The reality is that we are not that different from the characters in the show. Death is unavoidable, there is no cure; yet we do everything we can to keep death from view, don’t we? For the last century plus we humans, and especially we Americans and Dallasites, have been active in our attempts to defeat death, to cure this illness that takes each of us—whether through anti-aging whatevers, to medical breakthroughs, diets and fitness, to creating parenting safety bubbles, to fictional and faith based obsession with the other worldly next life. Death is to be avoided at all cost or becomes often becomes a spiritual parody. Now, I am not saying that there is anything inherently wrong in our preserving and prolonging life. Quite the opposite actually. Our scriptures teach that life, all life, every life, is beautiful, sacred and to be treasured as the truest of gifts. Why wouldn’t we want to overcome the enemy to life then? We want to do defeat death by not dying, at least keeping it at bay as long as possible, or pretend that death is somehow a friend rather than loss (no matter how “natural” it is or what comes next).

But is that what our scriptures and the life and death of Jesus reveal? An avoiding or sentimentalizing of death? How does Jesus overcome death? Many of you know the answer, even if you don’t believe it fully, you have seen the symbols everywhere. Jesus defeated death by dying on a cross. And, he overcame the sting of death by rising again. Death in relation to Jesus has no victory. What it takes it cannot keep. Death has no sting—a sting does not hurt when you are dead, but is the pangs of living while dying—that sting of death called sin is removed; as the apostle Paul so aptly reminds us just a few verses later (1 Cor. 15:55-58), read with me on the screen,  

Death is swallowed up in victory. O death, where is your victory? O death, where is you string? The sting of death is sin, and the power of sin is the law.


Now sin is word we need not pass over too quickly. The basic idea of sin is that you live as if you do not need God, nor want God, nor recognize (or worse, attempt to control) the way our good God has ordered a full and abundant life in relationship with him. Sin is ultimately the dis-association with God; whether the relationship is cast aside out of ignorance, walked away from out of rebellion, or mechanized through religion. This non-relational state reduces life to naiveté (assuming you are in control of life and death, good and evil) or fearfulness (death remains your enemy and life is lived not to die). Yet, the dying and rising of Jesus changes things, all things. That’s why today matters for us. Did you know this day sets our calendar as Christians? This day marks the begging of the life of faith this year for you, a year in which we can live in our dying, starting today.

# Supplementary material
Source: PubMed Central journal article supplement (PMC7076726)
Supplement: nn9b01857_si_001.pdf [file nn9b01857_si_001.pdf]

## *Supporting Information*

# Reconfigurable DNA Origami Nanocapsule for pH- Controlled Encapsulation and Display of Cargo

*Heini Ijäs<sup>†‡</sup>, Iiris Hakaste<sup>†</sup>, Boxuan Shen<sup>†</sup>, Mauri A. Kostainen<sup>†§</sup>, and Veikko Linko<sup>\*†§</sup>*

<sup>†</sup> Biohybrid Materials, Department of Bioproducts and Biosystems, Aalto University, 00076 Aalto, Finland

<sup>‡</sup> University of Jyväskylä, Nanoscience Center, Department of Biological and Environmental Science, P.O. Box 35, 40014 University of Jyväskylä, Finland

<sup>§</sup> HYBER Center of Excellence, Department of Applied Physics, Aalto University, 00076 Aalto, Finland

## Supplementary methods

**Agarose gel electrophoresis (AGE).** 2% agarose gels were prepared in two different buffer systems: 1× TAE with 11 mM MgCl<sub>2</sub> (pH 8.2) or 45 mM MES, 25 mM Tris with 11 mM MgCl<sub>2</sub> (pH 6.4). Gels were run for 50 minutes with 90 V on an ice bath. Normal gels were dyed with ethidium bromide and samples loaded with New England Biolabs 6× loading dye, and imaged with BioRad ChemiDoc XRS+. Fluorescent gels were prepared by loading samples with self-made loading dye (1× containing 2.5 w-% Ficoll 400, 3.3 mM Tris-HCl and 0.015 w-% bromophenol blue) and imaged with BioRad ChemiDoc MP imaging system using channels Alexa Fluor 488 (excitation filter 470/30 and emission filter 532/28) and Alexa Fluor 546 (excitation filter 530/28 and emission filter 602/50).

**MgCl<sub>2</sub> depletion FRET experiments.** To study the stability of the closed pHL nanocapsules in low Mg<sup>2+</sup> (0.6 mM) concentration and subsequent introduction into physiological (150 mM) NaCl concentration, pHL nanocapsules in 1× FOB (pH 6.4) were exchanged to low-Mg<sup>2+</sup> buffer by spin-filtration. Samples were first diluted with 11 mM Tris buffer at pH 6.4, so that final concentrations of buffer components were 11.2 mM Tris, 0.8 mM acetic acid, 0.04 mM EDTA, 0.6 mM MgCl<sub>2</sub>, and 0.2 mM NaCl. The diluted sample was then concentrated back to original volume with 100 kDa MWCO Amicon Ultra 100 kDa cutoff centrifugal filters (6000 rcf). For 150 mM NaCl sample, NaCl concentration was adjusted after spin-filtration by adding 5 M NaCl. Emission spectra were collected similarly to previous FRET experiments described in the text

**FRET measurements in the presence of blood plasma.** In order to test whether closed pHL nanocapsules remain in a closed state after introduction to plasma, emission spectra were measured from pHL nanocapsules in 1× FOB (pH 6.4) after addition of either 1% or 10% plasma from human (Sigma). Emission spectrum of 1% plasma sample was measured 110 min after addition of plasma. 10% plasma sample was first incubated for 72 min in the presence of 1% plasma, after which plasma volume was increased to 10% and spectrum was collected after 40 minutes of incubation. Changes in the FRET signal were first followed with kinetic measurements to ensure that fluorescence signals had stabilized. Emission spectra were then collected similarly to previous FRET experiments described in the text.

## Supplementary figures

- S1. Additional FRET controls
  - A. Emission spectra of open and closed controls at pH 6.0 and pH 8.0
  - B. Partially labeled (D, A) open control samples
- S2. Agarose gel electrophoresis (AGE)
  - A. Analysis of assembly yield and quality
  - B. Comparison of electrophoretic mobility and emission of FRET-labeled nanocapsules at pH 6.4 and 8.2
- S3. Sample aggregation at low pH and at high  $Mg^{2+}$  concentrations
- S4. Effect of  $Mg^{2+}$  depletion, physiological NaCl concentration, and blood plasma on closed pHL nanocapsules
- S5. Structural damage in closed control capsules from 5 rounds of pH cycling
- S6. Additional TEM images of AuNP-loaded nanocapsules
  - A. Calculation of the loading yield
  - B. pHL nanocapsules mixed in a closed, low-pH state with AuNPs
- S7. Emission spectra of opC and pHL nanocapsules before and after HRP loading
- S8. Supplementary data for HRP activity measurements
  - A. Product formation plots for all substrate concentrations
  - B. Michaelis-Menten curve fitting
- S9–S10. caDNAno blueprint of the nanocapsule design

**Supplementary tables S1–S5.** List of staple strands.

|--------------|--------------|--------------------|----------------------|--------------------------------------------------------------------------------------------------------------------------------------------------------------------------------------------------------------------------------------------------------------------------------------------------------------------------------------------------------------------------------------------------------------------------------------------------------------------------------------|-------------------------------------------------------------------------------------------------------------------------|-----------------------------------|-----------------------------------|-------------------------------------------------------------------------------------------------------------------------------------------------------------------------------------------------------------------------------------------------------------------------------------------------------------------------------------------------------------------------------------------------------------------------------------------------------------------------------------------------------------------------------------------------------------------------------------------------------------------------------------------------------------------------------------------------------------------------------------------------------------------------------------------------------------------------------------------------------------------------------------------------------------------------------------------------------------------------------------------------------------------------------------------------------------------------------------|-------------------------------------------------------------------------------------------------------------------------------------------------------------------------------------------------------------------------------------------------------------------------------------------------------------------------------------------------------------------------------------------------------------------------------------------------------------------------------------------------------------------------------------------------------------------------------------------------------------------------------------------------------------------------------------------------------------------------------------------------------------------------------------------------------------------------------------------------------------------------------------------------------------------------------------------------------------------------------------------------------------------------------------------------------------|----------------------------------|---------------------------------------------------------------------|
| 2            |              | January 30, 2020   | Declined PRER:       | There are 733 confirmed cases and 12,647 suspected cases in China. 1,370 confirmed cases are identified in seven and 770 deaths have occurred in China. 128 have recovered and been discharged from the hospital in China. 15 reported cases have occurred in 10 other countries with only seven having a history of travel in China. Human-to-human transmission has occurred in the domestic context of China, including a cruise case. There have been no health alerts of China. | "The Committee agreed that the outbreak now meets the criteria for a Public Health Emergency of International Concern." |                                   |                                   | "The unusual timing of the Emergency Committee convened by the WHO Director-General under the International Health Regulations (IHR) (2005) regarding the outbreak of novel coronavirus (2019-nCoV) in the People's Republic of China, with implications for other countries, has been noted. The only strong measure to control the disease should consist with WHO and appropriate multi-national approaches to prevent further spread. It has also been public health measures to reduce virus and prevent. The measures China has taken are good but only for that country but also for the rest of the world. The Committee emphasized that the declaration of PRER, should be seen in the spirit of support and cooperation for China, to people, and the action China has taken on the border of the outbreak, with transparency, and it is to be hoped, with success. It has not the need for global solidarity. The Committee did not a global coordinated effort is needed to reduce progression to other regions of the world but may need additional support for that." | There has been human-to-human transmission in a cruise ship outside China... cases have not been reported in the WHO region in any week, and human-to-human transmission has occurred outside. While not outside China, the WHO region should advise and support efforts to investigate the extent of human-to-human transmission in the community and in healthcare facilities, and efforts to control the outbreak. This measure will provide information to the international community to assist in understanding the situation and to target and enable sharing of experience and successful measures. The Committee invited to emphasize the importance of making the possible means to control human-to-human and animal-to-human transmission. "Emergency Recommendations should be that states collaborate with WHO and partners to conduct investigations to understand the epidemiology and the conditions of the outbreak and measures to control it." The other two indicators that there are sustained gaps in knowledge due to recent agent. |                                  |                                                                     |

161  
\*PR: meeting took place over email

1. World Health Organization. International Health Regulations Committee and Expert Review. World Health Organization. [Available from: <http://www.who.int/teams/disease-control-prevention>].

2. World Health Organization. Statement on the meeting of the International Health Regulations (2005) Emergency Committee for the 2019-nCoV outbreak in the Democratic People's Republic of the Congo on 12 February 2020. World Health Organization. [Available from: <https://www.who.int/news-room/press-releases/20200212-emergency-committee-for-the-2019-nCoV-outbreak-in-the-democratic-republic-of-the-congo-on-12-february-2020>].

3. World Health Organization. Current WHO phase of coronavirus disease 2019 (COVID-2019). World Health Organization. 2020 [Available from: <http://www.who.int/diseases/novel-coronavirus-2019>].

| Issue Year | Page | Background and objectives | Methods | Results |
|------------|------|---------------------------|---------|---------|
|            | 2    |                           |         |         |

That’s what resurrection is about. Not, not dying or dying only at the end. Resurrection, Jesus’ life that came through death gives us another way to live. Death has no victory because it leads to resurrection. Sin has no lasting sting because the sting has been removed, like the stinger of wasp, from the flesh which it attacks. We can be ones who live in our dying. Daily a cross (that symbol that marks us), daily a death, and daily a new life; resurrection.

The renowned American author Flannery O’Connor once wrote to a friend who, I think like many of us if we are honest, struggle with the reality that the cross portrays and thus we try and pretty it up in as many ways imaginable. O’Connor says,

“Our age not only does not have a very sharp eye for the almost imperceptible intrusions of grace, it no longer has much feeling for the nature of the violence which precede and follow them…I have found that violence [like Jesus upon the cross] is strangely capable of returning [people] to reality and preparing them to accept their moment of grace. Their heads are so hard that almost nothing else will do the work. This idea, that reality is something to which we must be returned at considerable cost, is one which is seldom understood by the casual reader [of scripture or humanity], but it is one which is implicit in the Christian view of the world.”[2]


This reality of living while dying that we must be returned to each day at great cost, preparing us to accept our moment of grace is…a King on the cross.  And, the reason, I think, that of all the things Jesus did, the horrible image marks our faith because the cross becomes an intrusion of grace. An image that allows us to “practice resurrection”.

The apostle Paul once again, trying to not waste grace so generously bestowed upon him by the dead and risen Jesus is once again helpful for you and I. Read with me the text on the screen,

So what do we do? Keep on sinning so God can keep on forgiving? I should hope not! If we’ve left the country where sin is sovereign, how can we still live in our old house there? Or didn’t you realize we packed up and left there for good? That is what happened in baptism. When we went under the water, we left the old country of sin behind; when we came up out of the water, we entered into the new country of gracea new life in a new land!